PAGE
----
Khanoisseur 🐶🤦🏻‍♂️🌎 @Khanoisseur Nonpartisan fact-checks + analysis of news (+ 🐶 pics). *Turn notifications on* (Podcast coming). Stuff for @Google @Twitter @Uber @Facebook @Tesla Jun. 29, 2019 1 min read

Harley Earl implemented "Dynamic Obsolescence" (planned obsolescence) and the "Annual Model Change", tying model identity to a specific year, to further position design as a driver for a company's product success - ideas taken for granted today, but were unusual at the time.

Earl’s Y-job was the first car built by a mass manufacturer for the sole purpose of determining the public's reaction to new design ideas. After being shown to the public, the Y-job became Earl's daily driver. He later swapped it out for the 1951 General Motors Le Sabre concept.

Earl’s influence permeated scores of designs at GM, including the 1964 Stiletto, a pointy nosed dorsal finned creation from GM’s Advanced Design Studio.

Then there was this wild and totally unpractical 1959/1960 Cadillac Cyclone concept, with its pointed front fenders (or “radar pods,” as Cadillac called them) and lofty fins.

Virgil Exner, another college dropout, became a Harley Earl protege and headed up design at Pontiac, leaving to become styling boss at Chrysler, where he penned concepts like 1960’s Plymouth XNR. Exner’s “Forward Look” models of the 1950s changed the course of automotive design.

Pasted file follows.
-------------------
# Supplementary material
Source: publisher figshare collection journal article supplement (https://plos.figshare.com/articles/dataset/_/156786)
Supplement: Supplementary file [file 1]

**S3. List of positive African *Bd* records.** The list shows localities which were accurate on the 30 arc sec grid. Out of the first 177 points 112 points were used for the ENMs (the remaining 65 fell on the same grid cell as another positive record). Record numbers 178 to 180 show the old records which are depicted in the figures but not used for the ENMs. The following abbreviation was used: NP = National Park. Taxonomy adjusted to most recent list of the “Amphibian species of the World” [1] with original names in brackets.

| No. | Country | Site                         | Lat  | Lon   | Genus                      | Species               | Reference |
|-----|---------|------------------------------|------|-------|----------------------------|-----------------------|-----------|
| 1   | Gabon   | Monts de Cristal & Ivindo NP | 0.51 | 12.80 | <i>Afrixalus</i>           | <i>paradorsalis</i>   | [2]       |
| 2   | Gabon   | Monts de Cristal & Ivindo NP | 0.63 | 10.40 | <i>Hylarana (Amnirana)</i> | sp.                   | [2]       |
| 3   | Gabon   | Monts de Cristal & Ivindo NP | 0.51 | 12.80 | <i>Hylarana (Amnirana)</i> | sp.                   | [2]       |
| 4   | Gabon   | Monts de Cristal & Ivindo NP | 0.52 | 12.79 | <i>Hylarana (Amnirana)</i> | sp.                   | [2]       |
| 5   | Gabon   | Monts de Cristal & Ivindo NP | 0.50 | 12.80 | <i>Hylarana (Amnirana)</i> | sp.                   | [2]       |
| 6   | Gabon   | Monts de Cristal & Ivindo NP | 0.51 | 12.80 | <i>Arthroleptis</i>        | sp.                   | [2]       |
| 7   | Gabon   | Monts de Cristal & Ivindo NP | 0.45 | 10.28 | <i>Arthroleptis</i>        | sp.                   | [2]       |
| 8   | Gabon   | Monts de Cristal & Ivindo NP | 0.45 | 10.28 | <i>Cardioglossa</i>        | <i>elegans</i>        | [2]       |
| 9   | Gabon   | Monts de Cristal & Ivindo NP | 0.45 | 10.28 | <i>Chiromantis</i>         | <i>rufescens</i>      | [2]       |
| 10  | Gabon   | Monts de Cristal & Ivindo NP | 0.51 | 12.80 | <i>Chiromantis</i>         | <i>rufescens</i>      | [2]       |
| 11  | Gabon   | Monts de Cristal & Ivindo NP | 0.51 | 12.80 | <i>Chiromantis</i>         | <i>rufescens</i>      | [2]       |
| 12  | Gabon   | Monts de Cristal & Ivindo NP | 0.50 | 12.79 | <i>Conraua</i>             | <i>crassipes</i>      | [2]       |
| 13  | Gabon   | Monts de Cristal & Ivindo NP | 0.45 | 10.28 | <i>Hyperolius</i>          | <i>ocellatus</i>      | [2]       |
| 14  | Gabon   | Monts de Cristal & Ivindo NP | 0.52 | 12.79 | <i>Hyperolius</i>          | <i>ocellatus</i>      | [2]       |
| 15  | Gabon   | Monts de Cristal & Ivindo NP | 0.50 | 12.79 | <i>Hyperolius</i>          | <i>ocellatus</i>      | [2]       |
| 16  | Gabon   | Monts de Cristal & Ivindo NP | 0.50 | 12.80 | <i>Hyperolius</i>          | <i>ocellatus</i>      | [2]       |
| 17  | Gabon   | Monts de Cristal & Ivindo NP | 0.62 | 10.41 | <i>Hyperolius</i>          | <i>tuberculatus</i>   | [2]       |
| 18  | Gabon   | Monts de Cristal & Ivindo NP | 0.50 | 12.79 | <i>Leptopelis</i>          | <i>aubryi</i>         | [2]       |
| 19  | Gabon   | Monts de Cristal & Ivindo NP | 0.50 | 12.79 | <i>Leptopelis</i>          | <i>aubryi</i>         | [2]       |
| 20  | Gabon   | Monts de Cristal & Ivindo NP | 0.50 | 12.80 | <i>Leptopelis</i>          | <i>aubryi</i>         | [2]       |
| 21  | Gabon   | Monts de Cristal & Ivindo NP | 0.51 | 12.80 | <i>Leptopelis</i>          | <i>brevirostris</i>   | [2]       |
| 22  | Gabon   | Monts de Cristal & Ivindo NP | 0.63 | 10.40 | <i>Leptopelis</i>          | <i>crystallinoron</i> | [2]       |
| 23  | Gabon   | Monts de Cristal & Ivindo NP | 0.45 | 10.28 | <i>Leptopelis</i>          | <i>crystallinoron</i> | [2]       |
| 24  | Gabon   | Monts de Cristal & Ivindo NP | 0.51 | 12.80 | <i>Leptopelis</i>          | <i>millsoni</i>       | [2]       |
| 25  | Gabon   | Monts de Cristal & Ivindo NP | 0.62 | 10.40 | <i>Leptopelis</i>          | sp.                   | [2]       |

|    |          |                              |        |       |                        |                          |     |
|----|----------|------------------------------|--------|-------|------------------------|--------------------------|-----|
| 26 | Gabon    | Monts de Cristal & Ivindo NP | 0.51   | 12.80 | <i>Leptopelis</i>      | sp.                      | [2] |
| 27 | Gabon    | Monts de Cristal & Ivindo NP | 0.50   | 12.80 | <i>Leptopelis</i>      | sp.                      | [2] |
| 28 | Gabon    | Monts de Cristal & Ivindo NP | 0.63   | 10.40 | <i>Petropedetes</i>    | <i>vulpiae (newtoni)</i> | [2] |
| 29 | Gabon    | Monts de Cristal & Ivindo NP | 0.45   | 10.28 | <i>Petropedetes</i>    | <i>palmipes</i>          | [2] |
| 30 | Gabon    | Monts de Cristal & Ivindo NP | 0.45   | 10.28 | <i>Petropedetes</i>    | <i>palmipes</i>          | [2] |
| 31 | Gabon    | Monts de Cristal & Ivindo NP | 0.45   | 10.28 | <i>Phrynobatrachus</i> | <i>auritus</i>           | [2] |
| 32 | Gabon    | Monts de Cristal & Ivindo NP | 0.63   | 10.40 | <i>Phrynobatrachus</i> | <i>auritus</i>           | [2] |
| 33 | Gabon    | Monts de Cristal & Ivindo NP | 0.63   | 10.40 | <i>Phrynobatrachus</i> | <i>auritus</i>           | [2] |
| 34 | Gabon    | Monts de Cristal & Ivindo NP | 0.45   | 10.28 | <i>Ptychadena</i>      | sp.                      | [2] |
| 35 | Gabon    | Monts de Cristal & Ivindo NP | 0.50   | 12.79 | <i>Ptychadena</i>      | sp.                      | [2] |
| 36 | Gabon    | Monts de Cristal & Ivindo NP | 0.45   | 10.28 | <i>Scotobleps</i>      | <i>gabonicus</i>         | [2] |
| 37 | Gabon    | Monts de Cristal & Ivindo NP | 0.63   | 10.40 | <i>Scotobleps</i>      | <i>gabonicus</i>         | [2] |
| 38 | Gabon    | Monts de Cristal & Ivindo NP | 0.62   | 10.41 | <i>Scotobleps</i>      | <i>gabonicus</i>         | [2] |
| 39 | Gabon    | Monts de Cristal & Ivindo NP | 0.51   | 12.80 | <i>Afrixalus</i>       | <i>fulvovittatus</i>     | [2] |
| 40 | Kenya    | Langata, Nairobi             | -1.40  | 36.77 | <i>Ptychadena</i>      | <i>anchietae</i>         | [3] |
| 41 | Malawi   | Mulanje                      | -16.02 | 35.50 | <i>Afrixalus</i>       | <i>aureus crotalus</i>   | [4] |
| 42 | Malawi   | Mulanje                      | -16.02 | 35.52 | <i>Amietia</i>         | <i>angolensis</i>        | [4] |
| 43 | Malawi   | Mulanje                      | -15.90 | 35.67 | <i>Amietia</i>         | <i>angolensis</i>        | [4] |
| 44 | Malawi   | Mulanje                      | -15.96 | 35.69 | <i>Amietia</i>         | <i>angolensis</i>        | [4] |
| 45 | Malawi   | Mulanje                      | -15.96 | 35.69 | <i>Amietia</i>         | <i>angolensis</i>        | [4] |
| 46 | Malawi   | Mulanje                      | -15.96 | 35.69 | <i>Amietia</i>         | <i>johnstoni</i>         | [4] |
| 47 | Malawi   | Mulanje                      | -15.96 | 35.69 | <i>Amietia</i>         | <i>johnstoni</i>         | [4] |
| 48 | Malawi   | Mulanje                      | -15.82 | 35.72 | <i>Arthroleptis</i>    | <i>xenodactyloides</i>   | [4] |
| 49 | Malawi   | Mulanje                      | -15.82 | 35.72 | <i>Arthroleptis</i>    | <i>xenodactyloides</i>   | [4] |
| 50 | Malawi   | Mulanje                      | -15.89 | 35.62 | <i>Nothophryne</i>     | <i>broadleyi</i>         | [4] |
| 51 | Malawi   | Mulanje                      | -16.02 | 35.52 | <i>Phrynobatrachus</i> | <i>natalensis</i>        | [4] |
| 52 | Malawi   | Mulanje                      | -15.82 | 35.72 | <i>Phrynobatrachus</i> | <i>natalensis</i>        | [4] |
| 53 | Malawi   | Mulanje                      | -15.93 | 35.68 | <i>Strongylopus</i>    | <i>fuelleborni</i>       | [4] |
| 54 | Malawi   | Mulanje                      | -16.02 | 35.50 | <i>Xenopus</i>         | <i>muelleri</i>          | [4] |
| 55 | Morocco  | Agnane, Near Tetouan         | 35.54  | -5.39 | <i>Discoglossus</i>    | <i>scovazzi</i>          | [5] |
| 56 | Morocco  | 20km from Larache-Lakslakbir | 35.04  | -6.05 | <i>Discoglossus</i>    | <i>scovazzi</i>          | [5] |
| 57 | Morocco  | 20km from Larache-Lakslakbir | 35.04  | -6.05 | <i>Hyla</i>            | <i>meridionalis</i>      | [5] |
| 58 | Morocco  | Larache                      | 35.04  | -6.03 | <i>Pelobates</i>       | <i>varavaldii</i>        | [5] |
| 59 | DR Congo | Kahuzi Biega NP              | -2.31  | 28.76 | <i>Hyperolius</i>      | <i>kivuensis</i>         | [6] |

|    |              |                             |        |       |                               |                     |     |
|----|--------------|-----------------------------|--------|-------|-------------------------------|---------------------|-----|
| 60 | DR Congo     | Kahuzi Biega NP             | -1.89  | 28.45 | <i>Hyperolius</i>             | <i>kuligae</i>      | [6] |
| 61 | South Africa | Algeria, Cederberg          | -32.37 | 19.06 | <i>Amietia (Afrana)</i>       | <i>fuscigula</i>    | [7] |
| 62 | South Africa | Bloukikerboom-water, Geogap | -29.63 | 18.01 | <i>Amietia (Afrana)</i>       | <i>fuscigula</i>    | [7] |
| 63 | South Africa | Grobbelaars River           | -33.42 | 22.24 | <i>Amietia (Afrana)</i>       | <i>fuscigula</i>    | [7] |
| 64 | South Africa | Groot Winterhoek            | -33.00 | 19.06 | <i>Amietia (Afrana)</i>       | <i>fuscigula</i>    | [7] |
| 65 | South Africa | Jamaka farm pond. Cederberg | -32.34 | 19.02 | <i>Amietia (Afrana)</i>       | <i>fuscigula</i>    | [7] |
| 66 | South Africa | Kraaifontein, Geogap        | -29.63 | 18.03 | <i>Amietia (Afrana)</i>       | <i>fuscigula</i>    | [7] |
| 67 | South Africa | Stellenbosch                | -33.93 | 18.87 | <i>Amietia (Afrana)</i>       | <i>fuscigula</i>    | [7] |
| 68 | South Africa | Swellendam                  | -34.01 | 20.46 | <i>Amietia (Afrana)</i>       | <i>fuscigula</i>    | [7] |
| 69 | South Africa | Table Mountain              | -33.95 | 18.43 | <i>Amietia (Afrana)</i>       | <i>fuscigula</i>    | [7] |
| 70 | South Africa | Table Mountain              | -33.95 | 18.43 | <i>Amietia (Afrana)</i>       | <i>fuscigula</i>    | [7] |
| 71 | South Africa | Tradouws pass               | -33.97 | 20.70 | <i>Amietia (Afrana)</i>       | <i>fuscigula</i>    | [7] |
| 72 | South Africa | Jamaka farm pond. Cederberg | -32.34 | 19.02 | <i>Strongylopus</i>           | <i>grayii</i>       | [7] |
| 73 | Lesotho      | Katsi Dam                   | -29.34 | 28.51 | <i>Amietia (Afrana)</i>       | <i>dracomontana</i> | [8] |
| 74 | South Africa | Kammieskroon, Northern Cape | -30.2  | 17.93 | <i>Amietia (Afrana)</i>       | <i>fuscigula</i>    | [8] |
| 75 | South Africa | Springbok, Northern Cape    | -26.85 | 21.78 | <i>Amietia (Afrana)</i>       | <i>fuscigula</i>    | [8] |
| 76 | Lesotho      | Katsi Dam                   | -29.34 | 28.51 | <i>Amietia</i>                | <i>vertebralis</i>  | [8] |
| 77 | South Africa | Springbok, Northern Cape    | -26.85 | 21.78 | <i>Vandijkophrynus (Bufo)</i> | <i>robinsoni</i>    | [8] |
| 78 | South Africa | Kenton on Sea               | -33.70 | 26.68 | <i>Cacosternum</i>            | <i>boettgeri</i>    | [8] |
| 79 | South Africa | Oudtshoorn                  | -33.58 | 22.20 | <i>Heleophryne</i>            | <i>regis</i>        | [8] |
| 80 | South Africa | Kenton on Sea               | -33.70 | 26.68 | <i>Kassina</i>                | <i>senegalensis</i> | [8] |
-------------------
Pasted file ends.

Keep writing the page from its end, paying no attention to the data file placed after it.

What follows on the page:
When GM designer Chuck Jordan spotted Exner’s “Forward Look” cars through a fence at a Chrysler plant, he raced back to tell his boss Bill Mitchell, who rode back out with Jordan that afternoon to take a look. Mitchell then started alternate designs at GM to mimic Exner’s cues.

Ford then copied from GM. So not only was Exner the author of Chrysler’s new design direction, but he was also directly responsible for a new direction in GM design, and indirectly, at Ford. This old video highlights the design-centered process at Chrysler. https://m.youtube.com/watch?v=b6L0ykX9lPU 


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